Lost in Shadows: Loscil’s Monument Builders

When considering the breadth of Vancouver’s purveyors of fringe electronic, Scott Morgan, aka Loscil, certainly ranks among the top. In the grander scheme of things, Loscil is synonymous with dependability, but Morgan’s albums don’t exactly garner the type of anticipation that an impending Fennesz or Tim Hecker release do. By the very nature of his music, Loscil will always exist a little bit in the background. His album-per-year output is like an old, reliable friend. You won’t always think to call up that friend, but when you do you’re reminded of the connection that brought you both together in the first place.

loscil_monument_buildersLoscil – Monument Builders
(Kranky, 2016)

The discovery of a new Loscil work brings about a fascination rather than teeth gnashing excitement. At this point it is obvious that Morgan has found his stride with the project, and that he very likely will not stray too far from the sound now embedded in that stride. There is steady movement in Morgan’s output from album to album, whether it’s forward into new sonic territory – as Intervalo was to Sketches From New Brighton Park – or sideways into a familiar yet slightly tweaked sound –as Sea Island was to 2006’s Plume. With his latest effort, Monument Builders, Morgan’s direction in sound is an angled step, falling somewhere in between these two directions.

Sonic space and timing are central to Loscil albums, providing a sense of the necessary human hand that guides these clean, computer-driven digitizations of sound. The human element is all the more present here, where Morgan’s ghostly techno is dialled back even further than usual. Sea Island and Plume saw Morgan’s compositions as self-catalyzing, where it almost felt like he was able to set up a loop, hit play and watch the magic happen to great effect.

Monument Builders foregoes a level of mechanization, evident in the opening two minutes of the album. The track in question, “Drained Lake,” builds slowly with plenty of low end, never settling into a comfortable groove. If there is anything that the track reveals about the album as a whole, it’s that the listener is going to remain a little on edge throughout. The work of Daniel Lapotin is a good yard stick for what one might expect from the unexpected in electronic music, and Morgan certainly channels him on “Red Tide,” with its ridged arpeggiations reminiscent of Tangerine Dream. “Weeds,” the album’s closer, begins with pure, beatless ambience before an overlaying of angelic vocal fragments fill it out – not dissimilar to sections of Love Streams, last year’s staggering release from the aforementioned Tim Hecker.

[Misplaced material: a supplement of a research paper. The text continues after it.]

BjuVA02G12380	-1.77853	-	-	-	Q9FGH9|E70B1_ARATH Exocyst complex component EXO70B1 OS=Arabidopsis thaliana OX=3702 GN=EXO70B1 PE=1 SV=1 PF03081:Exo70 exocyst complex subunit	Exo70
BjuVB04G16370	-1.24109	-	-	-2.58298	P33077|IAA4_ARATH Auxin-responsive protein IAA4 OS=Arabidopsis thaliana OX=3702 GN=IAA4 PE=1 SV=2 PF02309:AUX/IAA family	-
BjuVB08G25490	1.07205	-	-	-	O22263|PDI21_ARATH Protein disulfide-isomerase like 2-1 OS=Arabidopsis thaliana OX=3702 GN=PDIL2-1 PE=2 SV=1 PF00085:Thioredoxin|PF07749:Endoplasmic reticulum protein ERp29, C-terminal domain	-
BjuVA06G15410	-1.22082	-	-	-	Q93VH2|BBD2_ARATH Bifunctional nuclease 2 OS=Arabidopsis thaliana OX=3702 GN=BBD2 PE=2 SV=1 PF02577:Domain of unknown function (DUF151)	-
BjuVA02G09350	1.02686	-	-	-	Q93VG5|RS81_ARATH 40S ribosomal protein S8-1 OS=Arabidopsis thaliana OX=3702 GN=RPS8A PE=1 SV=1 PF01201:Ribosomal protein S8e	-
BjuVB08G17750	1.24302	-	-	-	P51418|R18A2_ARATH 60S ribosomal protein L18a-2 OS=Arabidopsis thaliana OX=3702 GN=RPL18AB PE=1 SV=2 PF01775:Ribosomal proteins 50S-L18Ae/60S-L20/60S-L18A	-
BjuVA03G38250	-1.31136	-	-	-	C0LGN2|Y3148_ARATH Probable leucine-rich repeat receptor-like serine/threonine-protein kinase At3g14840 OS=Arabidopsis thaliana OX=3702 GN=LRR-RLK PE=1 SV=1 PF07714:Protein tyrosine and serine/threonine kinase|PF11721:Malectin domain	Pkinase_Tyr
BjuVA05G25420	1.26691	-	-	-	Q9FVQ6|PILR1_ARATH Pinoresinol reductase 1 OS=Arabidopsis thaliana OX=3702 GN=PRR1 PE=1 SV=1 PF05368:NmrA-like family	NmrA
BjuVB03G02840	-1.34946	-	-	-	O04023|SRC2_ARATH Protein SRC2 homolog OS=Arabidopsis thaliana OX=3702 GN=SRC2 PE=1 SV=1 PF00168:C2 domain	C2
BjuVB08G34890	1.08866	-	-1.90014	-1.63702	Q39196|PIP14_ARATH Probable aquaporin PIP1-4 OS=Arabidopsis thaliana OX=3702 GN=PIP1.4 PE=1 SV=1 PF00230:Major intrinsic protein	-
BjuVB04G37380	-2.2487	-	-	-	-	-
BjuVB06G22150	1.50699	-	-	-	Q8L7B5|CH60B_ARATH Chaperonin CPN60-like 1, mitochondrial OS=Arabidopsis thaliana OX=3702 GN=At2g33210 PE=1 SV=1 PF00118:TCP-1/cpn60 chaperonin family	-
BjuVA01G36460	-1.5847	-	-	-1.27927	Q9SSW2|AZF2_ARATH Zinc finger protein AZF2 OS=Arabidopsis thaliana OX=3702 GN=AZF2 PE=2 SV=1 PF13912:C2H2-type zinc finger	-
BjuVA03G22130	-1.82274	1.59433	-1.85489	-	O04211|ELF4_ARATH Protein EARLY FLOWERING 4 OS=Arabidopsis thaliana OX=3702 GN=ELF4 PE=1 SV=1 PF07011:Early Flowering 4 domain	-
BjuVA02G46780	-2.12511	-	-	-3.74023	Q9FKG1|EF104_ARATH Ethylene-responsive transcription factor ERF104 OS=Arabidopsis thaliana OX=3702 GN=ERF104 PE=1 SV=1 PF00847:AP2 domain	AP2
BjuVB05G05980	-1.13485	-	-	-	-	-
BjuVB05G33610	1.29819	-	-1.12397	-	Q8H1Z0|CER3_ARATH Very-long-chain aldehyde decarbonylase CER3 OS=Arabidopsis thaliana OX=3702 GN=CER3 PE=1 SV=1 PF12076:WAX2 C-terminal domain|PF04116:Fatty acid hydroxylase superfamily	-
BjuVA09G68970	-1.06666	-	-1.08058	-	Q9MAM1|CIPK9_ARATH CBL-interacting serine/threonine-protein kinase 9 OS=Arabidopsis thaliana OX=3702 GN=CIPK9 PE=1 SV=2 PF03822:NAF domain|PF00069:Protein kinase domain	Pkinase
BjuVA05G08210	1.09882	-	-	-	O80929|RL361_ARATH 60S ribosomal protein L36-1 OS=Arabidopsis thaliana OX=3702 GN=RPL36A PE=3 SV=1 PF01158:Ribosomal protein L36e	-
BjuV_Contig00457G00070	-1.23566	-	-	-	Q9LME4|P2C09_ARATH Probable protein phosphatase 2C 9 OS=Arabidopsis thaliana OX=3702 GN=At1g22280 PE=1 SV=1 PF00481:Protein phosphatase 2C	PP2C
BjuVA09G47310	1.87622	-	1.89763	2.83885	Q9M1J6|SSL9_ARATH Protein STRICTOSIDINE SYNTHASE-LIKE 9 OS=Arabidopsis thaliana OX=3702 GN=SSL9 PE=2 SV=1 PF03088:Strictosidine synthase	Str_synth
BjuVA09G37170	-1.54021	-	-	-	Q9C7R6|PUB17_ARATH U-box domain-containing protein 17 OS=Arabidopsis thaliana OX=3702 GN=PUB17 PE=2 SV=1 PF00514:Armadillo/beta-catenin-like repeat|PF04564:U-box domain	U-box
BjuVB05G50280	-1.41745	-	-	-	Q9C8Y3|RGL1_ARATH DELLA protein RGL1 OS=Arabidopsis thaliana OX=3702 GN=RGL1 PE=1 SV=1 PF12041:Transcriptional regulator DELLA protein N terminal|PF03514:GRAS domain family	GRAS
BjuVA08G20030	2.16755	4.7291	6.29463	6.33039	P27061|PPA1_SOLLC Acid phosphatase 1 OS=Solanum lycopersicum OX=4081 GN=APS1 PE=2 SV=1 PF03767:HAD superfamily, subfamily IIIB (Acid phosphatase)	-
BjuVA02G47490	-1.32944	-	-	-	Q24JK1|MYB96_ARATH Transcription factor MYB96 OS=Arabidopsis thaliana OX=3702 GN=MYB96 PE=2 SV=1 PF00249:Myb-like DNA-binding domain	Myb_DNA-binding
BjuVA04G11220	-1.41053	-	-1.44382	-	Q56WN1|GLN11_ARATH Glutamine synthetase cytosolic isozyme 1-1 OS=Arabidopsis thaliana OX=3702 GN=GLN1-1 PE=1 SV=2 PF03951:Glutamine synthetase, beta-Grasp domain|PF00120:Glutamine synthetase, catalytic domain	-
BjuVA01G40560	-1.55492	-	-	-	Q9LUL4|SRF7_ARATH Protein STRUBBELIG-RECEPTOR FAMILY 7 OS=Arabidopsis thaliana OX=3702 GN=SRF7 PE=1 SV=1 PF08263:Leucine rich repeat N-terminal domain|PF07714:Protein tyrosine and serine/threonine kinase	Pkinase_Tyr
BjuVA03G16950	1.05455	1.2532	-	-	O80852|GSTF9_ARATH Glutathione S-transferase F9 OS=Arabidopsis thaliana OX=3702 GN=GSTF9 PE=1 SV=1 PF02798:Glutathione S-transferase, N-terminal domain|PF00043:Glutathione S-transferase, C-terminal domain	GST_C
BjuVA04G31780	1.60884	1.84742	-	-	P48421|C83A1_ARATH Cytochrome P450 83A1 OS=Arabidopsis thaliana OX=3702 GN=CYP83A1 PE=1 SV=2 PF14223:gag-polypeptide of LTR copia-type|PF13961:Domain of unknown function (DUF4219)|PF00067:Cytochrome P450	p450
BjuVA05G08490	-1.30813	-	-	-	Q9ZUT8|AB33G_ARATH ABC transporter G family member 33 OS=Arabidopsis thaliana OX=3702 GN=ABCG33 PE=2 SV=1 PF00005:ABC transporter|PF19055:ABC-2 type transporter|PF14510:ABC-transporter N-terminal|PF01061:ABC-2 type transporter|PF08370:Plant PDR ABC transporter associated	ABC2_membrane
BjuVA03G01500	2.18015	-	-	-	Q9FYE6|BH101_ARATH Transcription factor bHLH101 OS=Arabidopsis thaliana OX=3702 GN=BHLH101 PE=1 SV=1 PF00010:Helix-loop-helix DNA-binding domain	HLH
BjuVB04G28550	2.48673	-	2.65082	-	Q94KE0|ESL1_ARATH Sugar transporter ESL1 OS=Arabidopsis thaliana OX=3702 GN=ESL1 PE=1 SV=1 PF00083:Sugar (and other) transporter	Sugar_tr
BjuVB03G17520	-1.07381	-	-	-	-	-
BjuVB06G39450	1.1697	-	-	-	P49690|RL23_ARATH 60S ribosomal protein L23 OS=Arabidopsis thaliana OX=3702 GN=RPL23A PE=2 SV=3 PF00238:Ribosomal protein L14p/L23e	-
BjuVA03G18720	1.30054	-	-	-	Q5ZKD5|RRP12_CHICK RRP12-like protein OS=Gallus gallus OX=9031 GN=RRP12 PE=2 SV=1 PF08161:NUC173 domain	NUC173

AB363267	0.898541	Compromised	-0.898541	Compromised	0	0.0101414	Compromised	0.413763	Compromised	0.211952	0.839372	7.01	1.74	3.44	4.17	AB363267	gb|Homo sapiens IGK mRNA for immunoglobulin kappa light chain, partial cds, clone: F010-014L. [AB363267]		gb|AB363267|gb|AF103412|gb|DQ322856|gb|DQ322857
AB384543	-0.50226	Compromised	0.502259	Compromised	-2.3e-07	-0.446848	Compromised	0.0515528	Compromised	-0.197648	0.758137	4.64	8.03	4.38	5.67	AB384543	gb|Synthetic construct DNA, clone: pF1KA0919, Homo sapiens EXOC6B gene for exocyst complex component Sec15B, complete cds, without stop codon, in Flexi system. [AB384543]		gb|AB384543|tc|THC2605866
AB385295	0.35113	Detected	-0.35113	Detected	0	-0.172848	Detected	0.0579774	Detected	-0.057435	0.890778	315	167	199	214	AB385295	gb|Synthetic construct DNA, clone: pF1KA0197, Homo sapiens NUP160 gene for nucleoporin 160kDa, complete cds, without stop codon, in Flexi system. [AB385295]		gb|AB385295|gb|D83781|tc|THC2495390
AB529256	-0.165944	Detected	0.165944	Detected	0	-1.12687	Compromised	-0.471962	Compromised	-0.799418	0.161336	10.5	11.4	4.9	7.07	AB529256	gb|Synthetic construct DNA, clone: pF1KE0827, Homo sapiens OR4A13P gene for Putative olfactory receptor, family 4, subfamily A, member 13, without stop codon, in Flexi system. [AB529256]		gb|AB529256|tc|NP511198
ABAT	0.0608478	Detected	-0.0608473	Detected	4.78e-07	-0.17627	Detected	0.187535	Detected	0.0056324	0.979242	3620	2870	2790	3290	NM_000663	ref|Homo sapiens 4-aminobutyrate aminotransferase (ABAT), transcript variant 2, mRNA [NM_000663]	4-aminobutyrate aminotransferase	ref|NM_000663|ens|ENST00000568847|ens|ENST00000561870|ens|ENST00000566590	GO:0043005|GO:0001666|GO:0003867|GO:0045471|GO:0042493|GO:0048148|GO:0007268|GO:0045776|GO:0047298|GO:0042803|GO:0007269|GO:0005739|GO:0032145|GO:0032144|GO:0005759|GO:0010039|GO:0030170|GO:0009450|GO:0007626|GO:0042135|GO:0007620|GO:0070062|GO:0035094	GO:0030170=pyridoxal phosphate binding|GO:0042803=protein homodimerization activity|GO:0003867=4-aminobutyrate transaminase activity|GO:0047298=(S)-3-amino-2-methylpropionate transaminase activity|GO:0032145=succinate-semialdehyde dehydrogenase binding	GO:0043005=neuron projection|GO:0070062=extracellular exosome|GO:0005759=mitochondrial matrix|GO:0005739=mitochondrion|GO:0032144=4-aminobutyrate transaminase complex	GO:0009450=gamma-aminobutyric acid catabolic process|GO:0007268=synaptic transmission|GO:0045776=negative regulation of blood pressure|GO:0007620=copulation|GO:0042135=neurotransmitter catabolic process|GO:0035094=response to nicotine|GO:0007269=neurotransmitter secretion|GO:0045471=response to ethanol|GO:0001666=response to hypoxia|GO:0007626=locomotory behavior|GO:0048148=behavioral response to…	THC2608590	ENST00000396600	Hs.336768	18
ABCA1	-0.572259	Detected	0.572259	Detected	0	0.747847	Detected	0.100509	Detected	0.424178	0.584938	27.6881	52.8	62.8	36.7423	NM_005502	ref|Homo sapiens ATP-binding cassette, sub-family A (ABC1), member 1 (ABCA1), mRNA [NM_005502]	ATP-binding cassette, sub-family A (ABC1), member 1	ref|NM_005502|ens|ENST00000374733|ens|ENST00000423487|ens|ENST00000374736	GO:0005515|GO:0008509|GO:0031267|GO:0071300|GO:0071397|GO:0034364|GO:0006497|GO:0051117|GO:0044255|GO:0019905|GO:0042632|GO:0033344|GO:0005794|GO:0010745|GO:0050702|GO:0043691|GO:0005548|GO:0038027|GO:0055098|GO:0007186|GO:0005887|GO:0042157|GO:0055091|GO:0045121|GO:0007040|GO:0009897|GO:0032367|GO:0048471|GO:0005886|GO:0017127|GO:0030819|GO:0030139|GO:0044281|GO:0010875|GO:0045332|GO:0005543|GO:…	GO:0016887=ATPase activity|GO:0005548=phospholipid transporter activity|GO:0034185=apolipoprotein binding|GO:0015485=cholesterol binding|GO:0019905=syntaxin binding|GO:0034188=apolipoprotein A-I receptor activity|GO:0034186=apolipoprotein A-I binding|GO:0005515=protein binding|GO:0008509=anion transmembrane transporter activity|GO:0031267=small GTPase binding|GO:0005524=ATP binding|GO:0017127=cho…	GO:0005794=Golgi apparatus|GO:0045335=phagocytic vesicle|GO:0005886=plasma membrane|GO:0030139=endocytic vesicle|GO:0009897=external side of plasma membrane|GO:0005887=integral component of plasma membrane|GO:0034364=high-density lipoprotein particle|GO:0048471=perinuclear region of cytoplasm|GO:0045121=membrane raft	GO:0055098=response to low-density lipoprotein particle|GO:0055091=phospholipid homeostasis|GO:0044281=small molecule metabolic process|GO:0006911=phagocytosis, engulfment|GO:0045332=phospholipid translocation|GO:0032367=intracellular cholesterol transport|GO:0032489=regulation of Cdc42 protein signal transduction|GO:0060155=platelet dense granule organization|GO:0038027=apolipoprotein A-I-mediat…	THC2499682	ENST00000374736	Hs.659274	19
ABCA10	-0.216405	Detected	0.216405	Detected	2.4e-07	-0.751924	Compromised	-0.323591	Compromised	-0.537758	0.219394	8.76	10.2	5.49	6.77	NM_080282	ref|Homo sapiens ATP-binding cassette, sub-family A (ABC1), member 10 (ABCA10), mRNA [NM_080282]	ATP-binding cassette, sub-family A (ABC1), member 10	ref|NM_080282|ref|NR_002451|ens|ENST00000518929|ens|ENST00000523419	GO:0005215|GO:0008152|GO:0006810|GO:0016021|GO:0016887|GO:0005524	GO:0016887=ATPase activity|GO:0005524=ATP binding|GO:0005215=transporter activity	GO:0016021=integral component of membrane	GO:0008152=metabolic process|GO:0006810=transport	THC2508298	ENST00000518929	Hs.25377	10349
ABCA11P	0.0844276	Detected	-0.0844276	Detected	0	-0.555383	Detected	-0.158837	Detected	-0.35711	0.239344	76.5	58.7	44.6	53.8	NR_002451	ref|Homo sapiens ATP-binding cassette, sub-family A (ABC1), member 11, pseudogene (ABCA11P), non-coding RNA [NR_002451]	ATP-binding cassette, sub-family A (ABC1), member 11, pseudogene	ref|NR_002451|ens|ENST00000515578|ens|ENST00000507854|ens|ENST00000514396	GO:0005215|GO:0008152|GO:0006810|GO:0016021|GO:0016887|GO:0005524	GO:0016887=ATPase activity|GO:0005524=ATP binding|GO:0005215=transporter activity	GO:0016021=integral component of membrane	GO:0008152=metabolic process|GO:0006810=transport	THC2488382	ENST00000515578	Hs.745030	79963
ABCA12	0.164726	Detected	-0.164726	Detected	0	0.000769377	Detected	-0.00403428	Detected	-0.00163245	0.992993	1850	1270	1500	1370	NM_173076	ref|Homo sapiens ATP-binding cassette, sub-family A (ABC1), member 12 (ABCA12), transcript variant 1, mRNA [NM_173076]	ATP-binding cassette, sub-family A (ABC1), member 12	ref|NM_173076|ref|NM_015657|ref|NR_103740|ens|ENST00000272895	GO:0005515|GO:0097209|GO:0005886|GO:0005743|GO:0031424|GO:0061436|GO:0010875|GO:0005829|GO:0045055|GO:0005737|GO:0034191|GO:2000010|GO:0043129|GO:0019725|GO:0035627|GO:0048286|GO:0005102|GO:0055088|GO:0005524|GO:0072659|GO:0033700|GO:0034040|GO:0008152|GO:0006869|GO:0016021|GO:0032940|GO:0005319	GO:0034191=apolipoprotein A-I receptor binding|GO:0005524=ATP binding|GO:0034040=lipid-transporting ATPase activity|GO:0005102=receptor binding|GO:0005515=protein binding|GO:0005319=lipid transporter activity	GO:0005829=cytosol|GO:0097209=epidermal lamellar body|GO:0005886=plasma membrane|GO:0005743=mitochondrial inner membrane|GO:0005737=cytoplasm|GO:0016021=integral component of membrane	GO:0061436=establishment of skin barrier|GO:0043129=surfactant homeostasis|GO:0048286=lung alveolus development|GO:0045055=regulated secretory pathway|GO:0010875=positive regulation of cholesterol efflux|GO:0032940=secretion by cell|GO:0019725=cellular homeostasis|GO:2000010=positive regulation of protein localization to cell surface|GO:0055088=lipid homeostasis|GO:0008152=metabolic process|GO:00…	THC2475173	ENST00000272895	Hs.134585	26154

Morgan has never shied away from taking his music into dark realms, evident from as early as his aquatic themed Submers to his 2011 release for Glacial Movements, Coast/Range/Arc. This album further reveals the shape of these dark realms. The title track might be the best example, a slow burner that builds from a highly affective loop, reigning in atmospheres that are equally tactile, meditative and luminous. It’s a piece for the fans, as its true brilliance is revealed more so in the context of Morgan’s career than that of the album alone. And as an album, Monument Builders provokes the thought of where Morgan will go from here, and how he’ll be able to further expand on this release. Alternatively, one can rightfully interpret the album’s title in a more direct light: that he’s built something quite substantial already.